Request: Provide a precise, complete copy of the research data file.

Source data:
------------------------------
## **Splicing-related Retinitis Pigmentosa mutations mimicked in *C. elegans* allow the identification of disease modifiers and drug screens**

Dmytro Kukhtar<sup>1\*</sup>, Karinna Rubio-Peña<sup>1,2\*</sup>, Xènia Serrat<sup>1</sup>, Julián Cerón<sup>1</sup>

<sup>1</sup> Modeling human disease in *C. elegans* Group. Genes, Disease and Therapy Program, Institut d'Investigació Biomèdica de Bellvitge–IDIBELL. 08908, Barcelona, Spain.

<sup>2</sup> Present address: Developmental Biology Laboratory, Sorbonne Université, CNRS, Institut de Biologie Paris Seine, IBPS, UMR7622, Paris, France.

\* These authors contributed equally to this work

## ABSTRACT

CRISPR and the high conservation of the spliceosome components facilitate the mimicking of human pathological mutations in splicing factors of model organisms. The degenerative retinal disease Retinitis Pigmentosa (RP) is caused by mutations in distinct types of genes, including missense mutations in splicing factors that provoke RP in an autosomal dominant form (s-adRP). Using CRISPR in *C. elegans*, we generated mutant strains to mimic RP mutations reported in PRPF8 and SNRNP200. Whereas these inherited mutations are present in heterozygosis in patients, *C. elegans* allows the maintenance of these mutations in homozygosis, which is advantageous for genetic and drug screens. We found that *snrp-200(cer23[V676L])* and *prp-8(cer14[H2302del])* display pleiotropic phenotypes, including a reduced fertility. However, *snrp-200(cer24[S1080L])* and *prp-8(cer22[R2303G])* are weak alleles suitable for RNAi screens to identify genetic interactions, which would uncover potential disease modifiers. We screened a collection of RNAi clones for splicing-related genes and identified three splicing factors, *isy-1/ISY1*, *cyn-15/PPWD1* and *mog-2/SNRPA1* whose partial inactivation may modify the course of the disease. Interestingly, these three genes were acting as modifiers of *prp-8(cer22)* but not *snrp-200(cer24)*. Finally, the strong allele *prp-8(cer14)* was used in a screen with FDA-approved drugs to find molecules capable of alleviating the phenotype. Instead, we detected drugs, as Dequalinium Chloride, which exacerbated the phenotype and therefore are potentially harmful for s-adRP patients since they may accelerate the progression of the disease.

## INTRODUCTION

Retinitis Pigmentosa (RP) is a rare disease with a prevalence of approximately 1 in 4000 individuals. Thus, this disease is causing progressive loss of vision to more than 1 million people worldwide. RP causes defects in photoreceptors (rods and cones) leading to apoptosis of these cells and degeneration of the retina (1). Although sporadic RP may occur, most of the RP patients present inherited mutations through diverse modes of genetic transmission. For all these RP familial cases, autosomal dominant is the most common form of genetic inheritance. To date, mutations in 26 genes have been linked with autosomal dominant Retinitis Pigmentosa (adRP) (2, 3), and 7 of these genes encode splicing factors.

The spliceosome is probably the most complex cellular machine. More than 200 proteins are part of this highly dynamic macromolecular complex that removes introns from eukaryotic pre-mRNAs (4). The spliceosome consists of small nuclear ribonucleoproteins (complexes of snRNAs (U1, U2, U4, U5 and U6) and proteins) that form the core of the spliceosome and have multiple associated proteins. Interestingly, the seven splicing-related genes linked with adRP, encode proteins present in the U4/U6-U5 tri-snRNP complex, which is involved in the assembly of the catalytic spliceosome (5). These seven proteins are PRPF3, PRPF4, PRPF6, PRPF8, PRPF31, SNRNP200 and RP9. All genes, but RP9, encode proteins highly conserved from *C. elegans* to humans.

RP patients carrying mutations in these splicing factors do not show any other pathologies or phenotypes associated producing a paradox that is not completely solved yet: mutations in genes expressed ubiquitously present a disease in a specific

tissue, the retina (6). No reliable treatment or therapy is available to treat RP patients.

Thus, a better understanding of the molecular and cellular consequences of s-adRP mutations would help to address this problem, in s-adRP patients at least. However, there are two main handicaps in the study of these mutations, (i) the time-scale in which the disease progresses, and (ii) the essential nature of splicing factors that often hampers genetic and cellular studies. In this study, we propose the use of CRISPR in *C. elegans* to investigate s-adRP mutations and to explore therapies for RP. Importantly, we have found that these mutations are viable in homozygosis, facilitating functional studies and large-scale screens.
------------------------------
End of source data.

## **Splicing-related Retinitis Pigmentosa mutations mimicked in *C. elegans* allow the identification of disease modifiers and drug screens**

Dmytro Kukhtar<sup>1\*</sup>, Karinna Rubio-Peña<sup>1,2\*</sup>, Xènia Serrat<sup>1</sup>, Julián Cerón<sup>1</sup>

<sup>1</sup> Modeling human disease in *C. elegans* Group. Genes, Disease and Therapy Program, Institut d'Investigació Biomèdica de Bellvitge–IDIBELL. 08908, Barcelona, Spain.

<sup>2</sup> Present address: Developmental Biology Laboratory, Sorbonne Université, CNRS, Institut de Biologie Paris Seine, IBPS, UMR7622, Paris, France.

\* These authors contributed equally to this work

## ABSTRACT

CRISPR and the high conservation of the spliceosome components facilitate the mimicking of human pathological mutations in splicing factors of model organisms. The degenerative retinal disease Retinitis Pigmentosa (RP) is caused by mutations in distinct types of genes, including missense mutations in splicing factors that provoke RP in an autosomal dominant form (s-adRP). Using CRISPR in *C. elegans*, we generated mutant strains to mimic RP mutations reported in PRPF8 and SNRNP200. Whereas these inherited mutations are present in heterozygosis in patients, *C. elegans* allows the maintenance of these mutations in homozygosis, which is advantageous for genetic and drug screens. We found that *snrp-200(cer23[V676L])* and *prp-8(cer14[H2302del])* display pleiotropic phenotypes, including a reduced fertility. However, *snrp-200(cer24[S1080L])* and *prp-8(cer22[R2303G])* are weak alleles suitable for RNAi screens to identify genetic interactions, which would uncover potential disease modifiers. We screened a collection of RNAi clones for splicing-related genes and identified three splicing factors, *isy-1/ISY1*, *cyn-15/PPWD1* and *mog-2/SNRPA1* whose partial inactivation may modify the course of the disease. Interestingly, these three genes were acting as modifiers of *prp-8(cer22)* but not *snrp-200(cer24)*. Finally, the strong allele *prp-8(cer14)* was used in a screen with FDA-approved drugs to find molecules capable of alleviating the phenotype. Instead, we detected drugs, as Dequalinium Chloride, which exacerbated the phenotype and therefore are potentially harmful for s-adRP patients since they may accelerate the progression of the disease.

## INTRODUCTION

Retinitis Pigmentosa (RP) is a rare disease with a prevalence of approximately 1 in 4000 individuals. Thus, this disease is causing progressive loss of vision to more than 1 million people worldwide. RP causes defects in photoreceptors (rods and cones) leading to apoptosis of these cells and degeneration of the retina (1). Although sporadic RP may occur, most of the RP patients present inherited mutations through diverse modes of genetic transmission. For all these RP familial cases, autosomal dominant is the most common form of genetic inheritance. To date, mutations in 26 genes have been linked with autosomal dominant Retinitis Pigmentosa (adRP) (2, 3), and 7 of these genes encode splicing factors.

The spliceosome is probably the most complex cellular machine. More than 200 proteins are part of this highly dynamic macromolecular complex that removes introns from eukaryotic pre-mRNAs (4). The spliceosome consists of small nuclear ribonucleoproteins (complexes of snRNAs (U1, U2, U4, U5 and U6) and proteins) that form the core of the spliceosome and have multiple associated proteins. Interestingly, the seven splicing-related genes linked with adRP, encode proteins present in the U4/U6-U5 tri-snRNP complex, which is involved in the assembly of the catalytic spliceosome (5). These seven proteins are PRPF3, PRPF4, PRPF6, PRPF8, PRPF31, SNRNP200 and RP9. All genes, but RP9, encode proteins highly conserved from *C. elegans* to humans.

RP patients carrying mutations in these splicing factors do not show any other pathologies or phenotypes associated producing a paradox that is not completely solved yet: mutations in genes expressed ubiquitously present a disease in a specific

tissue, the retina (6). No reliable treatment or therapy is available to treat RP patients.

Thus, a better understanding of the molecular and cellular consequences of s-adRP mutations would help to address this problem, in s-adRP patients at least. However, there are two main handicaps in the study of these mutations, (i) the time-scale in which the disease progresses, and (ii) the essential nature of splicing factors that often hampers genetic and cellular studies. In this study, we propose the use of CRISPR in *C. elegans* to investigate s-adRP mutations and to explore therapies for RP. Importantly, we have found that these mutations are viable in homozygosis, facilitating functional studies and large-scale screens.